Why are professional Americans so incredibly busy -- and so overwhelmed by this busyness?
That's the complex question Washington Post reporter (and mother to two) Brigid Schulte tackles in her new book Overwhelmed: Work, Love, and Play When No One Has the Time. A recent flurry of reviews focus on differing aspects of the book's answer to this question. The UK Guardian, for instance, highlights a reality that's completely shocking to Europeans: over here workers are guaranteed neither paid vacation time nor paid maternity leave (this latter fact, a distinction our country shares with only Swaziland, Lesotho and Papua New Guinea.)
Other takes on the book delve deeper into the phenomenon of "presenteeism" at work, where employees are expected to be at their desks not because there's so much work to be done, but simply to show their dedication to the company. "Our workplace cultures reward face time, people who get in early and stay late, people who eat at their desk. Macho long hours is what we value," explains Schulte.
These cultural factors may be contributing hugely to our sense of being utterly overwhelmed, but they're also not the kind of thing that an individual can change on a dime. Is there any advice in Schulte's book you can put into place today? The answer is yes -- but it might be hard to stomach the suggestion.
Are You to Blame for Your Own Busyness?
Another huge contributing factor to our sense of overwhelm, according to sociologist John Robinson, who is famed for pioneering the use of time diaries in his research, is self-perception. When Schulte speaks to him for the book, he reveals most of us are a lot less busy than we claim we are. His meticulous documentation of how we spend our days reveals that in general we have 30-40 hours of free time each week.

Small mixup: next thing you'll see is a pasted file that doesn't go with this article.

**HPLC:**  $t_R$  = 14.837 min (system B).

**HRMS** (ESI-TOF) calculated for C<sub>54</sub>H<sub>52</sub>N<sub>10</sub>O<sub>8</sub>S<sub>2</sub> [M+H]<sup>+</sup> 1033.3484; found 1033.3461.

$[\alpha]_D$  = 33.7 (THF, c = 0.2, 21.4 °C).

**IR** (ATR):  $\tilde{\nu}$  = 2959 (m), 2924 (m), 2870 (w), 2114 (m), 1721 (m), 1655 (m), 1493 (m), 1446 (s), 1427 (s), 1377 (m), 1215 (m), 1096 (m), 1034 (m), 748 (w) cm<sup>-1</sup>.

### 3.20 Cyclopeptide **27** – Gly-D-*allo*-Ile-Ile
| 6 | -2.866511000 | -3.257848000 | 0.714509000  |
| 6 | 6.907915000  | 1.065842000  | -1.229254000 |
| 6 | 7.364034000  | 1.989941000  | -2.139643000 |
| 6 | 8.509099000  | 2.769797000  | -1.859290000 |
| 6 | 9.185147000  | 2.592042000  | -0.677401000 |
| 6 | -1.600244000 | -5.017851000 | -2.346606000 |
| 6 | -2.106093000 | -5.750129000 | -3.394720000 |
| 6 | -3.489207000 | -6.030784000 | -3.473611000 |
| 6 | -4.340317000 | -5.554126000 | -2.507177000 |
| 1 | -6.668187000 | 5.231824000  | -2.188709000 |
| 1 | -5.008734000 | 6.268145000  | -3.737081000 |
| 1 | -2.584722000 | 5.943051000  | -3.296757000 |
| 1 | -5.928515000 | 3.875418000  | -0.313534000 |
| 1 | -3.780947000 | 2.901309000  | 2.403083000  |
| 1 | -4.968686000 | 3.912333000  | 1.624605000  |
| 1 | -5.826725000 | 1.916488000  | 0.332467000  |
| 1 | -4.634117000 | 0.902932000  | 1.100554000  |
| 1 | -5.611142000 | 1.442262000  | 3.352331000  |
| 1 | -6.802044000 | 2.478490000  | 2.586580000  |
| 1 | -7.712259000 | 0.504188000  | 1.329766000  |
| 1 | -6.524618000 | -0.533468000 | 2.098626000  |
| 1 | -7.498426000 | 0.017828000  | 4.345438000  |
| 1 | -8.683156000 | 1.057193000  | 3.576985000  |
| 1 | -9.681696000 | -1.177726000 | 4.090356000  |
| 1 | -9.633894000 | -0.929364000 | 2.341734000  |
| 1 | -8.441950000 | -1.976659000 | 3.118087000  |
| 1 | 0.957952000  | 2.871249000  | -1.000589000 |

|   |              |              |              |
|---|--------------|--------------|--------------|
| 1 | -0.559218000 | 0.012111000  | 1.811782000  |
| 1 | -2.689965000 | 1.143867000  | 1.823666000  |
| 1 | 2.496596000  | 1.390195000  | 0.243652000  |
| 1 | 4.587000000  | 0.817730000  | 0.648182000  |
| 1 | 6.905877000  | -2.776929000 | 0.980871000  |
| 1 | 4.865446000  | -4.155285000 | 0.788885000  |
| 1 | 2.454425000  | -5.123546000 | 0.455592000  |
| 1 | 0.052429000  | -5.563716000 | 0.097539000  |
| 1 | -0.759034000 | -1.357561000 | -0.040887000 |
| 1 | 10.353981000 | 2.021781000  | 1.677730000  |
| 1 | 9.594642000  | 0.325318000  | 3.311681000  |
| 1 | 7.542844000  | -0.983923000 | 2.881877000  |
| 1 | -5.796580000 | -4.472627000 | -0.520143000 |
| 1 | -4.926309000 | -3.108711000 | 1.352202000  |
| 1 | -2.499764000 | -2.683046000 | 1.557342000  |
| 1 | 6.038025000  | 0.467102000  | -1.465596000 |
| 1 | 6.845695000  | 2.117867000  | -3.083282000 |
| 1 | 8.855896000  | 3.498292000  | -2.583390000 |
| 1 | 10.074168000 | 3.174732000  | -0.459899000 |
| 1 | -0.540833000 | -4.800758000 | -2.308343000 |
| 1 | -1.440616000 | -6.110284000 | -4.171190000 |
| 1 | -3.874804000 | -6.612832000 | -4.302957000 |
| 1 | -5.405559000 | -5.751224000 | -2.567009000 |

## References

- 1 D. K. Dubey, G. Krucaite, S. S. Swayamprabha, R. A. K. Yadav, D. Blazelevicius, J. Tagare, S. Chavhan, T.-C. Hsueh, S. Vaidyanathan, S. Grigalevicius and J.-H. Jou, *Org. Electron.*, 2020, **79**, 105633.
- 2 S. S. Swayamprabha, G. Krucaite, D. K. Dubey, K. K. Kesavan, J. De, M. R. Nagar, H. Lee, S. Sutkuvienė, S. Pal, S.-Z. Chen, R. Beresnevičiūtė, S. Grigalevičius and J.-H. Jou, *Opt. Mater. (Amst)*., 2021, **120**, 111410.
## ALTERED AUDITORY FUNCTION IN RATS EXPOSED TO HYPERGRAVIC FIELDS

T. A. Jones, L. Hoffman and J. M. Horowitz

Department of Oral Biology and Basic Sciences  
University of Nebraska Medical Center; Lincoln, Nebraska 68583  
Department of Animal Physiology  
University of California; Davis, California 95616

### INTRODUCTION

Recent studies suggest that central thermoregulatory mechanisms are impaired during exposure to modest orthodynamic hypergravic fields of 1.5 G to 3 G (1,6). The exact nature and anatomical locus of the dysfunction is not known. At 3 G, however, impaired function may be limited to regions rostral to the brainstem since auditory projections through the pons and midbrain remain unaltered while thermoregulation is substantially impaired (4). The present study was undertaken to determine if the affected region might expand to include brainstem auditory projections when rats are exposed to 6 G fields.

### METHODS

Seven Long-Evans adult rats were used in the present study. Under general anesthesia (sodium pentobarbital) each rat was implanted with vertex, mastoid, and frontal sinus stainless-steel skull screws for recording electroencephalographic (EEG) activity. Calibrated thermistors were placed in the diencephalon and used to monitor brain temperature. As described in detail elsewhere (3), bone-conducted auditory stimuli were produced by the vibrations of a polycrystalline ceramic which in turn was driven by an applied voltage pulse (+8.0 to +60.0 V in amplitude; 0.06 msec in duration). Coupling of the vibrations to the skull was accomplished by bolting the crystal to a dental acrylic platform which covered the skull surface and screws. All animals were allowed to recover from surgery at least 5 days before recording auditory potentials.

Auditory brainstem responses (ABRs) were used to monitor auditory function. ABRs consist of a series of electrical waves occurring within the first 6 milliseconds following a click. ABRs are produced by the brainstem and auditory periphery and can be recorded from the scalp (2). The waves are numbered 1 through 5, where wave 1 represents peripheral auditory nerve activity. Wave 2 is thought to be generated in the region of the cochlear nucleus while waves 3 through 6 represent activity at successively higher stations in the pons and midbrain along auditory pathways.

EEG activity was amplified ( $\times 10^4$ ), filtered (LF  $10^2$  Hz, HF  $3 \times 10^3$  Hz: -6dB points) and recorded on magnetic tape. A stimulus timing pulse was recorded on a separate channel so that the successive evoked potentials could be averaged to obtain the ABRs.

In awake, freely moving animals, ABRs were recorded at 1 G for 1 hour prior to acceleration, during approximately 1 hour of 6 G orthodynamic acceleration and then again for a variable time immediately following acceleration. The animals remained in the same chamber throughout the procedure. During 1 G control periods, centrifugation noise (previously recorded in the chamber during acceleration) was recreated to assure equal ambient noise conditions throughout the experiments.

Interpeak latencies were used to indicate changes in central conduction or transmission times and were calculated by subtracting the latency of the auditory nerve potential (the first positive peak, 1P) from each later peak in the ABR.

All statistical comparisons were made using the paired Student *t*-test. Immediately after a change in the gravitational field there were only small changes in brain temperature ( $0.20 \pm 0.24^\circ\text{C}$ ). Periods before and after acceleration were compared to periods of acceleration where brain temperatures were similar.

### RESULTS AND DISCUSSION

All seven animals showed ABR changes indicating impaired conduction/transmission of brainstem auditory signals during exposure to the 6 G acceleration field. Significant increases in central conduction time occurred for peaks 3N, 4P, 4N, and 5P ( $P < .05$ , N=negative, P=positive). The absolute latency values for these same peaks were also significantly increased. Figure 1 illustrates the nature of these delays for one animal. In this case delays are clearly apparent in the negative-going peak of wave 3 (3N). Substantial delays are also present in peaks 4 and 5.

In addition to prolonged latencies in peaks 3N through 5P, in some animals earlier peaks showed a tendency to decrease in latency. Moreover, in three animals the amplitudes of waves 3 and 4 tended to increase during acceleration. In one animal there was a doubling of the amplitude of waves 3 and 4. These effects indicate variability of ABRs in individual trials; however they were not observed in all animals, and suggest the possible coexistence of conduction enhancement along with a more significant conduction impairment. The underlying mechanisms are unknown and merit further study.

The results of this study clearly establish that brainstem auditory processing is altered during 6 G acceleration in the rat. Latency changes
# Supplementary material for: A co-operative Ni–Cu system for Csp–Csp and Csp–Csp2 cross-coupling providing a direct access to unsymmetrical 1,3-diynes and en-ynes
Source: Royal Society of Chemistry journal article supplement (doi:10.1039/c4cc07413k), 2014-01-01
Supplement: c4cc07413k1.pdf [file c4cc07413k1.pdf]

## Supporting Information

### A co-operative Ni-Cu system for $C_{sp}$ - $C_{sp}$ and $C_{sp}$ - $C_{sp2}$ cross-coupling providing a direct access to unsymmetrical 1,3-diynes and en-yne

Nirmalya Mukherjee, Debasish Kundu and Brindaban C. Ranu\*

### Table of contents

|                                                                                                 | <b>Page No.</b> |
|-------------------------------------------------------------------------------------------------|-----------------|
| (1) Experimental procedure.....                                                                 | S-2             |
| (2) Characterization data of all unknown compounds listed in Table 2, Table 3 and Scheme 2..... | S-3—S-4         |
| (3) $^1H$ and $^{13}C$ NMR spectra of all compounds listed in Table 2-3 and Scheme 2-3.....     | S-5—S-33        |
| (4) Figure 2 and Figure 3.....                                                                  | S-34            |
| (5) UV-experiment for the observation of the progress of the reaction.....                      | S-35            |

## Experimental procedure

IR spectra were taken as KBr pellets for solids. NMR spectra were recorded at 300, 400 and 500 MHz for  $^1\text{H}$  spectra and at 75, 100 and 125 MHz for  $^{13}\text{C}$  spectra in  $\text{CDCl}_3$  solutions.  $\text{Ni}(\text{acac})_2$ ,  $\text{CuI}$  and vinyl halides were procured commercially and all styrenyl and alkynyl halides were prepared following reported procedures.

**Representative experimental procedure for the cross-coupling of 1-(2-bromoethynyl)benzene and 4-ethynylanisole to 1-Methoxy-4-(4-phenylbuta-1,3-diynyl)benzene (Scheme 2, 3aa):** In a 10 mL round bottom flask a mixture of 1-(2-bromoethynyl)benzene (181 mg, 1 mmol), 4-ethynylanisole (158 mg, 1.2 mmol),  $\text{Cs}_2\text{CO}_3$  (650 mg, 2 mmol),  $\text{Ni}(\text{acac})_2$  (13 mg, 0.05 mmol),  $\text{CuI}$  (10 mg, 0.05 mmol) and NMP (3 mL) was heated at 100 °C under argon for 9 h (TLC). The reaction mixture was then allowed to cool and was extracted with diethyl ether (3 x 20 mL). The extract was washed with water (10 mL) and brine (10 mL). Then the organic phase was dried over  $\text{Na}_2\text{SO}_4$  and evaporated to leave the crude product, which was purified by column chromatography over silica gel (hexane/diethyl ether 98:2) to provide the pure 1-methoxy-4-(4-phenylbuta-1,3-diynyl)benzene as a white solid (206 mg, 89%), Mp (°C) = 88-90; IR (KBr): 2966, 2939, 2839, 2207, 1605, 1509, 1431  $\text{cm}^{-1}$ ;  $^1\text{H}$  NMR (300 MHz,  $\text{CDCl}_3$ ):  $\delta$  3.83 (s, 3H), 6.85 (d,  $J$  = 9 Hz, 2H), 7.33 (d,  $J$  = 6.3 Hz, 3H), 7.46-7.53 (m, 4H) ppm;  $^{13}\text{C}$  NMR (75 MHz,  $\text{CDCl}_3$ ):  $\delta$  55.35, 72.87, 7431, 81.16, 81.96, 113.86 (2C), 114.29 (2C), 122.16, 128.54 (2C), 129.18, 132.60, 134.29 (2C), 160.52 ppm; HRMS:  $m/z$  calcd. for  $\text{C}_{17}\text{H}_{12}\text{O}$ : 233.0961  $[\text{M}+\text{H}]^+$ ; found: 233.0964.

"It's very popular, the feeling that there are too many things going on, that people can't get in control of their lives and the like," Robinson says. "But when we look at peoples' diaries there just doesn't seem to be the evidence to back it up."
So if we have a full-time job's worth of leisure per week, what's driving our constant claims of out-of-control busyness? Bragging, asserts researcher Ann Burnett, who Schulte also interviews. Examining how we talk about our lives by looking at things like holiday letters, Burnett concludes that busyness has actually become a sign of status. We bitch about how busy we are, in other words, to assert our importance.
That can be tough to hear. No one likes to think of themselves as status-obsessed or self-deluded, but the busy trap is easy for even the best intentioned to fall into.
But if you can mull the matter for a few minutes without defensiveness and admit you've fallen prey to the cult of busyness, your honesty offers one huge advantage. If you can concede that Burnett might just be on to something, you can also do something simple and powerful to start eliminating that sense of overwhelm from your life today.
What is that? Take Robinson's advice, summed up by Hanna Rosin in her review of the book for Slate:
Robinson doesn't ask us to meditate, or take more vacations, or breathe, or walk in nature, or do anything that will invariably feel like just another item on the to-do list. The answer to feeling oppressively busy, he says, is to stop telling yourself that you're oppressively busy, because the truth is that we are all much less busy than we think we are. And our consistent insistence that we are busy has created a host of personal and social ills which Schulte reports on in great detail in her book-;unnecessary stress, exhaustion, bad decision-making, and, on a bigger level, a conviction that the ideal worker is one who is available at all times because he or she is grateful to be "busy," and that we should all aspire to the insane schedules of a Silicon Valley entrepreneur.
Got ahead, try quitting complaining about your busyness cold turkey and let us know how it goes in the comments.